Katy Perry 'Witchcraft,' Kendrick Lamar Sampling Spark New Copyright Lawsuits
A Christian hip-hop artist targets Perry over "Dark Horse" while the owner of a song by The Alan Parsons Project goes to court against Lamar.
Katy Perry and Kendrick Lamar are both facing new lawsuits claiming they've misappropriated songs in hit releases.
The copyright action targeting Perry in Michigan federal court is the one that's most entertaining. It comes from Christian rapper Flame (born Marcus Grey) and his producers, who say they authored a 2008 gospel hip-hop song entitled "Joyful Noise." That song appeared on an album that was nominated for a Grammy for best rock or rap gospel album.
According to the complaint, the song was used without permission in the creation of Perry's "Dark Horse," the first single from her 2013 album, Prism. The plaintiffs don't go into much detail about how it was used, but the defendants — which include producer Dr. Luke and Capitol Records — are alleged to have damaged the plaintiffs in the creation and performance of a chart-topping song.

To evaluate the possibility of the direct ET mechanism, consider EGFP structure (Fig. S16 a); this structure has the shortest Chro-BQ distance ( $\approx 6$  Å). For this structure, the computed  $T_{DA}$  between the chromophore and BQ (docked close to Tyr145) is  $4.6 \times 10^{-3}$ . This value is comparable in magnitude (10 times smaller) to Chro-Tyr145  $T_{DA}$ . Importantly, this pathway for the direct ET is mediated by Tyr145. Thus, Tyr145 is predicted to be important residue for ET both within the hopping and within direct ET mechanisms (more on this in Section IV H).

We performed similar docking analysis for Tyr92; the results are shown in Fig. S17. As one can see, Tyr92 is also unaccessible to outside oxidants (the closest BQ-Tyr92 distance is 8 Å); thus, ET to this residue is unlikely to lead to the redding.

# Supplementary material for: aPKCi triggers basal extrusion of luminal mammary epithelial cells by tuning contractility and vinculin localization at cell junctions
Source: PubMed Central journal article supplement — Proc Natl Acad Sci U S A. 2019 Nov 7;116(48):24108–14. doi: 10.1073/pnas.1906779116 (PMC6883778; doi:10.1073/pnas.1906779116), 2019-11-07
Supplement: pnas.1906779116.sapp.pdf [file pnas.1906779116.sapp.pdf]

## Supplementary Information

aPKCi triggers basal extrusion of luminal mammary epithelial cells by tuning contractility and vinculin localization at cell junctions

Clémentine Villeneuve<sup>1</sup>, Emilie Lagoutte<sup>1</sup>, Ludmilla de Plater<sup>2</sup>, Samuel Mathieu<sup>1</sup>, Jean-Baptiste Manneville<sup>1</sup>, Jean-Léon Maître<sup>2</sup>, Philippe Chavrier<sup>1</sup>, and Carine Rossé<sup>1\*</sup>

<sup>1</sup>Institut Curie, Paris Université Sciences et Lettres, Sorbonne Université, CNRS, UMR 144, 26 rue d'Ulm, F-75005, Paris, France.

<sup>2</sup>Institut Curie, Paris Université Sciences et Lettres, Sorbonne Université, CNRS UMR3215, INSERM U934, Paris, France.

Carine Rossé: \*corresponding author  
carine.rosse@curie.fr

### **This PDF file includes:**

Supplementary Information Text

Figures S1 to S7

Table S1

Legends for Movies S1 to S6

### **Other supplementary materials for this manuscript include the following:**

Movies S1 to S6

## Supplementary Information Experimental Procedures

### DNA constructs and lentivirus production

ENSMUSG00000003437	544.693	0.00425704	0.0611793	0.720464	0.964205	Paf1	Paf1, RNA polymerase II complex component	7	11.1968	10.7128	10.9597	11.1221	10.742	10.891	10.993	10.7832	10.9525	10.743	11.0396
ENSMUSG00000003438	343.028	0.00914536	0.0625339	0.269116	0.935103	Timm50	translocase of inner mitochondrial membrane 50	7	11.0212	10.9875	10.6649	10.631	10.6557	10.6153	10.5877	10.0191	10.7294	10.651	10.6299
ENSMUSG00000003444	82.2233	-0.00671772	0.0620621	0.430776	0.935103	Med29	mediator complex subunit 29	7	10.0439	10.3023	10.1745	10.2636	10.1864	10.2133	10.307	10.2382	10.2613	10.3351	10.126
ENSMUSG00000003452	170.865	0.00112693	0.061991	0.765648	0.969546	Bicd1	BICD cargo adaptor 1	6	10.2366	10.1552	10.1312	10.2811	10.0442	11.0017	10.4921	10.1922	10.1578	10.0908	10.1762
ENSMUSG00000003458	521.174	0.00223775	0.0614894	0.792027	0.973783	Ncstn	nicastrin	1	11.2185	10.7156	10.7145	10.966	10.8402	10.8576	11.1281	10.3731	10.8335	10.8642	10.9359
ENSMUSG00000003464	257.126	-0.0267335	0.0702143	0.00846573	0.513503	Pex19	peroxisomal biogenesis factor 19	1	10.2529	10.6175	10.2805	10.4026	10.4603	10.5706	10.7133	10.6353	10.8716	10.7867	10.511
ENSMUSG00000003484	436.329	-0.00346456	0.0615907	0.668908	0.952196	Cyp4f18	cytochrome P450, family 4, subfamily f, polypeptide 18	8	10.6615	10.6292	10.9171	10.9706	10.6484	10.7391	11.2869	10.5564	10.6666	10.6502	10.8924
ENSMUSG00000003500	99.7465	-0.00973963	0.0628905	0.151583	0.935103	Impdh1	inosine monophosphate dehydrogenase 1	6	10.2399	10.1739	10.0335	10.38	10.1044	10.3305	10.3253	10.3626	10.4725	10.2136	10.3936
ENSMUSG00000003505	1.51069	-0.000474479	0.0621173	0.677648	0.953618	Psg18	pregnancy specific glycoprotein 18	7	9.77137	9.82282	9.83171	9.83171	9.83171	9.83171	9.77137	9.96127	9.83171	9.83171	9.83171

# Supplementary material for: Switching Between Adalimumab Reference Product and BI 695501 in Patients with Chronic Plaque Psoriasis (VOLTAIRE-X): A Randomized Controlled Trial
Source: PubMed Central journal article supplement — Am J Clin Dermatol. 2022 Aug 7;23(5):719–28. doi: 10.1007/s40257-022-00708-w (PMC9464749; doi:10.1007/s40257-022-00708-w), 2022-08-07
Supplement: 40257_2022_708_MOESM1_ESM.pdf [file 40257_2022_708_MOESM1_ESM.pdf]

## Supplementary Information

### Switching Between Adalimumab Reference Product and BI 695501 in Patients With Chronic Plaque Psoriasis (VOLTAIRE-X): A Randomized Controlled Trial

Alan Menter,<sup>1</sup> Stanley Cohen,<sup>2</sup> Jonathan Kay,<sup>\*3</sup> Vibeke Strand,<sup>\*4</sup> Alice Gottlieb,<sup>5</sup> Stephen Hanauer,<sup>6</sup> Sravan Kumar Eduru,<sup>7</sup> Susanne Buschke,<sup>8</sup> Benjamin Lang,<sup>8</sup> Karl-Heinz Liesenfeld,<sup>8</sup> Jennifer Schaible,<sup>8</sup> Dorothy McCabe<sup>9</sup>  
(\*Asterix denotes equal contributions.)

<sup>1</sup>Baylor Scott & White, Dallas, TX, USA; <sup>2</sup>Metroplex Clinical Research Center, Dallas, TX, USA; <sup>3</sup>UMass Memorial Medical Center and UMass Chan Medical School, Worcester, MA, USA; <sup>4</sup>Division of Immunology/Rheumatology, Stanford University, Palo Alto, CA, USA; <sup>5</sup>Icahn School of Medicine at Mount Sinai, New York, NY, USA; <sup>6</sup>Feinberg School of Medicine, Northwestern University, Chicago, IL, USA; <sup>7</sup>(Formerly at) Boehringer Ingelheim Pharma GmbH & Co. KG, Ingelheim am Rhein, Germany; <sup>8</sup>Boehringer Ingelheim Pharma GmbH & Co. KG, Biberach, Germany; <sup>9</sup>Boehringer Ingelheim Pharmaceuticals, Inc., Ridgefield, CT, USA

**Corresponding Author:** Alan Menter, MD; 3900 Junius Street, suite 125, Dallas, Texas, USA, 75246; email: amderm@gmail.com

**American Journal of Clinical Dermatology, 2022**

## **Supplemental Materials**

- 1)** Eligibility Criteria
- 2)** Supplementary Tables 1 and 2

"By any measure, the devoutly religious message of 'Joyful Noise' has been irreparably tarnished by its association with the witchcraft, paganism, black magic, and Illuminati imagery evoked by the same music in 'Dark Horse,' " states the lawsuit filed on Tuesday. "Indeed, the music video of 'Dark Horse' generated widespread accusations of blasphemy and an online petition signed by more than 60,000 demanding removal of an offensive religious image from the video."
Meanwhile, over in California federal court, acclaimed rapper Kendrick Lamar is being accused of improper sampling on "Keisha’s Song (Her Pain)."
The plaintiff in the case is Woolfsongs Limited, a U.K. company that manages the works of Eric Woolfson and his platinum-selling music group, The Alan Parsons Project. Woolfsongs asserts that "Keisha’s Song" incorporates the group's song "Old and Wise" without consent.
The complaint says that resolution of the matter was attempted with Lamar's reps in April 2014, but no settlement resulted and the defendants became unresponsive.
Both lawsuits demand injunctions. The Perry lawsuit seeks profits and statutory damages while the Lamar lawsuit aims for an award of compensatory damages.